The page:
Science & Environment

Orion astronaut flight faces delay to 2023

Orion and service module Image copyright NASA
Image caption Nasa has already invested billions in the project

The US space agency says its new astronaut capsule may not actually carry people until 2023.

A test flight of Orion with humans aboard had previously been pencilled in for 2021, but officials say they now have less confidence in this date.

Development difficulties "historically pop up", meaning future delays to the programme were a possibility, they told reporters during a teleconference.

An Orion test capsule flew an unmanned mission in December last year.

It was a near-flawless outing, circling a few thousand kilometres above the Earth, but the capsule did not use the rocket for which it has been designed. This is a huge vehicle, also still in development, known as the Space Launch System (SLS).

More powerful than the Apollo programme's Saturn V, the SLS is due to make its debut with Orion - again in an uncrewed configuration - in late 2018.

Only after that will the pair be prepared for a test flight with astronauts, possibly taking them on a trip around the back of the Moon.

Nasa had been working towards a "not before" date of August 2021 for this mission, known as EM-2.

But a review of past progress and an assessment of future challenges has now prompted managers to change the target to a "no later than" April 2023.

Image copyright NASA
Image caption The unmanned capsule flown in December 2014 will be used in further test campaigns

They have identified a number hardware and software problems that could disrupt the 2021 timeline.

One is the reliance on the re-use of certain components from one test to another.

If any of these fail and new parts are needed, this has the potential to use up margin in the programme.

"Right now we're not seeing any issues in those areas, but we have to account for those because we've got a lot of runway in front of us before we get there and those things could pop up," said Nasa associate administrator Robert Lightfoot

And Bill Gerstenmaier, who is the agency's senior executive responsible for human spaceflight matters, added: "I think we're being somewhat conservative. My teams will tell you they're trying to work every risk that's out there. Every risk that the Standard Review Board has identified - we think we can handle those risks.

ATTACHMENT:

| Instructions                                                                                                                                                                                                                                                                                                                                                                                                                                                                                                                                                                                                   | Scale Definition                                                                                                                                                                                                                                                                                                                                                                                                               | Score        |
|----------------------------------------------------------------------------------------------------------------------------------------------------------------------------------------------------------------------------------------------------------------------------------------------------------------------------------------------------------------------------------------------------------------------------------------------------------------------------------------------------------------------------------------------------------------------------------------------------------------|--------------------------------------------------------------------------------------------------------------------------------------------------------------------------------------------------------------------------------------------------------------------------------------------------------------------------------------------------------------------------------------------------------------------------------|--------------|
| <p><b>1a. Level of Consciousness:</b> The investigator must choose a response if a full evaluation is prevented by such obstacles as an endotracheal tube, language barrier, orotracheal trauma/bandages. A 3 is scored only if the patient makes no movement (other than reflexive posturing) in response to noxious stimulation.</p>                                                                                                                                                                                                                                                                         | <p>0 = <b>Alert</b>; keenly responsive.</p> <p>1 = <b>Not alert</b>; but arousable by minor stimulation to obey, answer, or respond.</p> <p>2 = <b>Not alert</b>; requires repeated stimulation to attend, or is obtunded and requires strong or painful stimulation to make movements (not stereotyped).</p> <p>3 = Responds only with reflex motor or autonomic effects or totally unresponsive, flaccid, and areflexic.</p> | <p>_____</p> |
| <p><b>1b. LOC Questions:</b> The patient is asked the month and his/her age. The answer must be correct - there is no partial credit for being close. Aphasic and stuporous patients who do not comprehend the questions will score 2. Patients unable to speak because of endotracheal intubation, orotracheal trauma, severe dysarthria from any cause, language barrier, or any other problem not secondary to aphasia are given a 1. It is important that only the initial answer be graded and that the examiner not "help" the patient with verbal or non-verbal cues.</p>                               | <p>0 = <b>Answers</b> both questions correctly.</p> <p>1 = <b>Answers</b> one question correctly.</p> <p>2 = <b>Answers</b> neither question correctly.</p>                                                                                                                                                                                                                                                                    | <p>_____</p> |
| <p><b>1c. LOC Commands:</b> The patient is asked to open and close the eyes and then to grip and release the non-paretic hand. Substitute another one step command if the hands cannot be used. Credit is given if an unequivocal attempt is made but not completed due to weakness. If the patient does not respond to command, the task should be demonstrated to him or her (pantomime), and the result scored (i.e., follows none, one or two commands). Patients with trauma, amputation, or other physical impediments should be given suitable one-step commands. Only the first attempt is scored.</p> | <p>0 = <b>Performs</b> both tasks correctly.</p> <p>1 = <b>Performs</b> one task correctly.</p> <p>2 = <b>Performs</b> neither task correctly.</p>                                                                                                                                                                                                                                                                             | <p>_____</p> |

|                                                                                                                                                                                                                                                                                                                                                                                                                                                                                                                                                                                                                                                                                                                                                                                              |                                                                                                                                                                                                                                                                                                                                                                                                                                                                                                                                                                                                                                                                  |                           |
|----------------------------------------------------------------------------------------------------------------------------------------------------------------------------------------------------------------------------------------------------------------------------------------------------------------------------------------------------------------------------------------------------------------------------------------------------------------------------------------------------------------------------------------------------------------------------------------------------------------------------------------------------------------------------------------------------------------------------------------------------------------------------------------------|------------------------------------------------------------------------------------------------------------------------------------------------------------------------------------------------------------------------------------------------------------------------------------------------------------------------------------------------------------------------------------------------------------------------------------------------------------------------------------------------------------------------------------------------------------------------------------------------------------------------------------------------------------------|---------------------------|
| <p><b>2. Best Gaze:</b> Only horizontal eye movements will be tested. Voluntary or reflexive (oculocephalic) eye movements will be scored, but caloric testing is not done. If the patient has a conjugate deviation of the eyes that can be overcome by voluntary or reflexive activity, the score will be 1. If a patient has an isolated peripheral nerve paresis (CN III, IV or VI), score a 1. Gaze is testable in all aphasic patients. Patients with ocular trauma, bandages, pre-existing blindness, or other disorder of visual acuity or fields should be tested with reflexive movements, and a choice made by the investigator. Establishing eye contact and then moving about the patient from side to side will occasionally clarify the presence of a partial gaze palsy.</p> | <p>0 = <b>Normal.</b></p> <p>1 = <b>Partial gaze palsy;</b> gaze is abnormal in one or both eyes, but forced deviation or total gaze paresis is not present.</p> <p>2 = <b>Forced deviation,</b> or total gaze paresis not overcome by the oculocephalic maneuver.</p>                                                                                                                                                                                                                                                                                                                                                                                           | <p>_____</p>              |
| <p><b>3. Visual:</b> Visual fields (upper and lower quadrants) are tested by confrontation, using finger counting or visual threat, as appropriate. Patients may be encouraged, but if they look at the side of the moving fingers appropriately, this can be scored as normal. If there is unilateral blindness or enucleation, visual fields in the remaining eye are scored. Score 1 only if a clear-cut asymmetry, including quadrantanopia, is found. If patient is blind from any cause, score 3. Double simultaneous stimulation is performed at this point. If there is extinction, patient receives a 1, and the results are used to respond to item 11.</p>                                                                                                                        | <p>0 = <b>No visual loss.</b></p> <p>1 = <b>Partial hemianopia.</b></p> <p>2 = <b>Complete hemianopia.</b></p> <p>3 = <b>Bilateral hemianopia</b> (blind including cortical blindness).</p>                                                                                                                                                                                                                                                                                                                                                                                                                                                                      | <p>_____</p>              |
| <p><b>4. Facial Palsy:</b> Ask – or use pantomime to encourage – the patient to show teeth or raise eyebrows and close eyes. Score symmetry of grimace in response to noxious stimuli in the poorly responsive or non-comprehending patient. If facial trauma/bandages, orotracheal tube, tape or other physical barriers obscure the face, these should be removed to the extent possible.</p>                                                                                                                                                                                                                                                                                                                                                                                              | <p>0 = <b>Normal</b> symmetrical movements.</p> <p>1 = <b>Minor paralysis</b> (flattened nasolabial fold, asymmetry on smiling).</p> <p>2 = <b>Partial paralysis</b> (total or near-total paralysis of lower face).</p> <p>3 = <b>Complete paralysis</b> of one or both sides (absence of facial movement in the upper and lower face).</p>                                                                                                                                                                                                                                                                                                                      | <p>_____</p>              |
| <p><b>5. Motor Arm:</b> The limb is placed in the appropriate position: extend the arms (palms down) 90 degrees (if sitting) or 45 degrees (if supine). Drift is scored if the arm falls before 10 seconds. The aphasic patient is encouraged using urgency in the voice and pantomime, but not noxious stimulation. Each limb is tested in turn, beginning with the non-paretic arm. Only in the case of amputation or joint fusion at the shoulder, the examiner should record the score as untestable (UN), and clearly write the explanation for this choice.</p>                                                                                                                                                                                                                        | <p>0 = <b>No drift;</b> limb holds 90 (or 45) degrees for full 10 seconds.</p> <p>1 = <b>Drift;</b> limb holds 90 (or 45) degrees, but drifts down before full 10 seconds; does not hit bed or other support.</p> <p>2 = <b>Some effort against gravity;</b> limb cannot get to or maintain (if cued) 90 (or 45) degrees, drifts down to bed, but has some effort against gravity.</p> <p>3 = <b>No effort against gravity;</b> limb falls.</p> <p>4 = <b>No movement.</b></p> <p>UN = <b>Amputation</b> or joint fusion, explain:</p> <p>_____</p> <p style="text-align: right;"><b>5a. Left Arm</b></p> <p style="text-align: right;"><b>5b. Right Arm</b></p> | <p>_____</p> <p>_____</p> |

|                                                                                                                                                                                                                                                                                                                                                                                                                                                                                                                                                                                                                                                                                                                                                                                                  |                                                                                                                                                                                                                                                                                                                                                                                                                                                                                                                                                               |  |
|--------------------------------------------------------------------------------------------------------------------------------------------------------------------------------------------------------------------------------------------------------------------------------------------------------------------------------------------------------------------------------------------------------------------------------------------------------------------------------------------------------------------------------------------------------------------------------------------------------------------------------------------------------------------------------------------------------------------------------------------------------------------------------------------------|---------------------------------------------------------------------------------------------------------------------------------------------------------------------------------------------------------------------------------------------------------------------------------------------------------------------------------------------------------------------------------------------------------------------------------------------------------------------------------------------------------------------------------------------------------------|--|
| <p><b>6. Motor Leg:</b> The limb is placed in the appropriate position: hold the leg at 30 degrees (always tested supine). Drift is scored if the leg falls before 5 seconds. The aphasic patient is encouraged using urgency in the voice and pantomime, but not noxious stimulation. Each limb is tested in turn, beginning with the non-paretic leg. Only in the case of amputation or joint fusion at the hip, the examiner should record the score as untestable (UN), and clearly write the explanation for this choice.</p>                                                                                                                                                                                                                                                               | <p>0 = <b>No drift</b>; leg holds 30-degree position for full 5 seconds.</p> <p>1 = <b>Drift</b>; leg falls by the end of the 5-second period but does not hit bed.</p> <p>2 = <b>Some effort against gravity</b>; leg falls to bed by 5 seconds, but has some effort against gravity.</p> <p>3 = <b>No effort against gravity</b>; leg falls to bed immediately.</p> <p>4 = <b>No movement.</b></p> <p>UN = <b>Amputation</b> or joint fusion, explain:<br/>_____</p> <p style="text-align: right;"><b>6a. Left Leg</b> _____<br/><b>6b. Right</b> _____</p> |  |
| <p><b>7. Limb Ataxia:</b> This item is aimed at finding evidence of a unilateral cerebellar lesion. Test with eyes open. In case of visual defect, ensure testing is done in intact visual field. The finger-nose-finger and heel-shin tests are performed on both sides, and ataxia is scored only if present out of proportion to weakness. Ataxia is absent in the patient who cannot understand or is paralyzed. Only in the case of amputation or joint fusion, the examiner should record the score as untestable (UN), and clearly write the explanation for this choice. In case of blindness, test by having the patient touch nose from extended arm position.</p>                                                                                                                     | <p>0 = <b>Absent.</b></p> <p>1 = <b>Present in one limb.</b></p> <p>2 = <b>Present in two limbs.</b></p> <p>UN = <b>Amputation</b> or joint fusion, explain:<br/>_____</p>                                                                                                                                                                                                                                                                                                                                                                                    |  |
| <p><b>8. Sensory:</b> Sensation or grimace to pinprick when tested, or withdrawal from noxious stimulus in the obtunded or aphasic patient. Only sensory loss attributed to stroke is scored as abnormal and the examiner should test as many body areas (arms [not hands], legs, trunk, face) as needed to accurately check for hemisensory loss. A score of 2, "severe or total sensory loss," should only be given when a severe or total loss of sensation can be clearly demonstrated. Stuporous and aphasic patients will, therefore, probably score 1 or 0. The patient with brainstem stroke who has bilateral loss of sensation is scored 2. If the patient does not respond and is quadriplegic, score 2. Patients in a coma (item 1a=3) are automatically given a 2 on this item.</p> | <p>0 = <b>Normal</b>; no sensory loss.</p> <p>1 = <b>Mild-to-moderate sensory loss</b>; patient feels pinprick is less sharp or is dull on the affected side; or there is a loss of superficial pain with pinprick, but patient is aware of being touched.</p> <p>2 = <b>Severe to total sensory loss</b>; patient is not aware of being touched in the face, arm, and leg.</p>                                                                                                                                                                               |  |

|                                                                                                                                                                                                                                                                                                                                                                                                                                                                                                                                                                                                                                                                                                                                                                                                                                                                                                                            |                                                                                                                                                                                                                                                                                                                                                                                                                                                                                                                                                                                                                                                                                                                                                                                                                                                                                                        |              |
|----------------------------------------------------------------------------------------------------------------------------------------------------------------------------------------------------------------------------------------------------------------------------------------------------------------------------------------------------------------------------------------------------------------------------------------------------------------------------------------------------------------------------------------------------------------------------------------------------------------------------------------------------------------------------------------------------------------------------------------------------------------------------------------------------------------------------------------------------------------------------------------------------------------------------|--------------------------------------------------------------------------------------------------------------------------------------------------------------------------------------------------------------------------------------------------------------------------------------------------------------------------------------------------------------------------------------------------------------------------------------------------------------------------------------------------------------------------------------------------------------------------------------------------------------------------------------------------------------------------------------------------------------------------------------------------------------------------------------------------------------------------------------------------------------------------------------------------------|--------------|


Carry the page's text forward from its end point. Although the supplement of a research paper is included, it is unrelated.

"But if you look at the complexities of what we're doing building this spacecraft, there will be some unknowns that show up, and to protect for those we went with the later date, the 2023."

One uncertainty is the critical contribution being made to the Orion system by the European Space Agency.

This is its service module - the back end of the capsule that pushes it through space.

The module's first use will be on the 2018 unmanned test flight with the SLS.

If there are performance concerns, any re-engineering that is required could impact the EM-2 flight.

Image copyright NASA
Image caption Construction has started on the capsule that will be used in the 2018 unmanned flight

Nasa is working to a baseline budget of $6.77bn for Orion, from October 2015 through to the first crewed mission, assuming that is in 2023.

The development cost to date has been $4.7bn, according to Mr Lightfoot, although this number does not include the several billion spent on the capsule concept when it was part of the cancelled Constellation programme. That was President George W Bush's project to go back to the Moon.

And all this money is separate to the sums funding SLS development.

Orion is intended to be a beyond Earth-orbit system. It will have the capability to take astronauts past the space station, to destinations such as the Moon, asteroids and, ultimately, Mars.

This requires, for example, that it have special life-support technologies and hardened electronics to handle the harsher radiation environment of deep space.

Jonathan.Amos-INTERNET@bbc.co.uk and follow me on Twitter: @BBCAmos